Even if you’re on the right track, it’s hard to feel like you can relax when it comes to your money. You might find yourself anxious about spending on necessary items, or you might deny yourself small luxuries such as going out to dinner and the movies or even buying that pumpkin spice latte you’ve been waiting for since last fall.
As it stands, more than half of working Americans are stressed about their finances, according to PwC’s 2016 Employee Financial Wellness Survey Opens in new window, and 45% say their stress has increased in the past year.
In a Gallup poll Opens in new window, Americans recently reported more worries about seven different financial issues than they did in a previous year, from not having enough money for retirement to not being able to pay their rent or mortgage.
And new research from Prudential measuring the financial wellness of more than 1,000 Americans also saw high levels of anxiety – with a focus on five key areas of stress .
Perhaps you can relate? If your money worries are keeping you up at night, here are a few small steps that help in two ways: They soothe your anxious mind, letting you feel better about your finances, while also providing good tactics for actually better managing your money. (And hey – give yourself a little pat on the back. The fact that you are here reading this article is itself a smart step toward financial peace of mind. Good for you!)
Put your goals on paper
Not having a plan can make almost anything seem scary. Schedule a quiet time to sit and write down your goals. Prioritize them. And then you can start making a plan to tackle them. Is saving for your child's college education top on your list? Set up a transfer from your account on paydays to a 529 plan. Is credit card debt wearing you down? Make a plan to pay an extra $50 above the minimum each month until you pay your cards off. Whatever your top priorities are, writing them down as the first step toward formulating a plan will help you feel like you’re making real progress – and also quell the anxiety that can come with uncertainty.
Automate your savings plans
When you’re not consistently saving toward your goals, you can feel anxious about whether or not you’re ever going to achieve them. Making your savings automatic removes decision-making from the equation. For every paycheck you receive, money can be transferred automatically into your retirement fund and other goal-oriented savings accounts at your bank. This frees up time for you to do more enjoyable activities than transferring money (we’re sure you can come up with a few things you’d rather be doing) and lets you rest assured that your financial future is getting more secure. You can also feel better about spending left-over money on a few of your guilty pleasures knowing that your savings goals are more covered.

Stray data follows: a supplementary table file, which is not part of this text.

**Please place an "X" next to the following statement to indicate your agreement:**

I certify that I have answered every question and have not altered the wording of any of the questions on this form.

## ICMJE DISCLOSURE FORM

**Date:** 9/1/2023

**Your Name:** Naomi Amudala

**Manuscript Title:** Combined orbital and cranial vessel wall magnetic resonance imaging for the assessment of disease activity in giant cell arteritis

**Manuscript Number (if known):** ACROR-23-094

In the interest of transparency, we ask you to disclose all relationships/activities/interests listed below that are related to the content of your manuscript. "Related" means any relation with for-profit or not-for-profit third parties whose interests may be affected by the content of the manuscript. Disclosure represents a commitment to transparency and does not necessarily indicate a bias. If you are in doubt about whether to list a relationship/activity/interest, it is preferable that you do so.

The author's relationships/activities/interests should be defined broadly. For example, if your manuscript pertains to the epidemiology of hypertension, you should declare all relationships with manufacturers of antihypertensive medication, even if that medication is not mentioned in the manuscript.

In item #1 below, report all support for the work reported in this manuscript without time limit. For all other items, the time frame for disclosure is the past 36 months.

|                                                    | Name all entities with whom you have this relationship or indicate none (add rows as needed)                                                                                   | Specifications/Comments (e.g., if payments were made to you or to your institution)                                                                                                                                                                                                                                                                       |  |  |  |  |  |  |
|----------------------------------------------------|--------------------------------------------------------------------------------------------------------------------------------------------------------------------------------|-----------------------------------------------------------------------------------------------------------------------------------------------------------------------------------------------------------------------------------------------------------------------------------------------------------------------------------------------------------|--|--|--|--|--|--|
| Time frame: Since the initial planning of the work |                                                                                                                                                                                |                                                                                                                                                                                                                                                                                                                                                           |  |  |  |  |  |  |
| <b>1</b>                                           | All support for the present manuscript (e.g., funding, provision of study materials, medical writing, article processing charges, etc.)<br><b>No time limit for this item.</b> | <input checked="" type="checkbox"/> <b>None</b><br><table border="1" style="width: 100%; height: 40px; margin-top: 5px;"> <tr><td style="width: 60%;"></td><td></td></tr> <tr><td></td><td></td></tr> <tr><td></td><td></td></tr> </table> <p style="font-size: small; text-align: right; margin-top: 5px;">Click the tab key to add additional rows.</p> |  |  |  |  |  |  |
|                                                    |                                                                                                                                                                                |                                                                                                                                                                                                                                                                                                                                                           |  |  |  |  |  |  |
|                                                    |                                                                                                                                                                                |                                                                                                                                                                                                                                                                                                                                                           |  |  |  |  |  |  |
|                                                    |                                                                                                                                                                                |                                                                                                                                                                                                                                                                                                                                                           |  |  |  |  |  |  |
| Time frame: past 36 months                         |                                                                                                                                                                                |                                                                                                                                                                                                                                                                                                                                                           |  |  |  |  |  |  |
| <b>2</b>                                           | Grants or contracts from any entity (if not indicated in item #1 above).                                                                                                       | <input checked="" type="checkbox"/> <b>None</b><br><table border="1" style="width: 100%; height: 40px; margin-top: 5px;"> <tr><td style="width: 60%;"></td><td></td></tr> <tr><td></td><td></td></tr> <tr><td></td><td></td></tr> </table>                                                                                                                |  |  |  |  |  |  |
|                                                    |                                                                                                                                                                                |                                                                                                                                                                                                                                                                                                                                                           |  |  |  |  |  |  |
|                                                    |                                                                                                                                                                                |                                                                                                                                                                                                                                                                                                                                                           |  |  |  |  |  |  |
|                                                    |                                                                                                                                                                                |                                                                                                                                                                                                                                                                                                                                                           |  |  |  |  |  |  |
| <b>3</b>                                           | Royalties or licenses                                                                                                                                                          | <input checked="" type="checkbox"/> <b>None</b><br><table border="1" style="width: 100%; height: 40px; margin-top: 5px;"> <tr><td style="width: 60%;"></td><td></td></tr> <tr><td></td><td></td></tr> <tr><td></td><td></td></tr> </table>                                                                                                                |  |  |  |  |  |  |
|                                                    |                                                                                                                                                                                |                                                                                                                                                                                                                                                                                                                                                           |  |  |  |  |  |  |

Cut back on social media
When you’re presented every day with curated images of other people’s lives, it can be easy to feel like everyone in the world is doing everything right – except you. Recent research has found a connection between heavy social media use and depression Opens in new window. Keep in mind that most people aren’t posting their credit card debt, student loan balances or stock market failures online.
If your Facebook feed makes you feel like you need to spend more to keep up – or that you’re worse off financially than everyone else – take a break or reduce your time online. Check in with yourself after a few Facebook-free days to see if you feel less anxious about the direction of your life.
This will help you stop competing with your friends – or feeling like you have to “keep up with the Joneses,” as they say. If you are feeling like you can never catch up with the people you know, take a deep breath and remember – there will always be people who make more money than you do, or who are able to buy big luxury items that may be out of reach for you at the moment. If you concentrate on living your own best financial life, and stop worrying about living everybody else’s, you should feel better about your monetary achievements, both large and small.
What you can do next
When it comes to money, uncertainty can be the root of anxiety. Being proactive—maybe with the help of a pro—can put you on course for a smoother ride.
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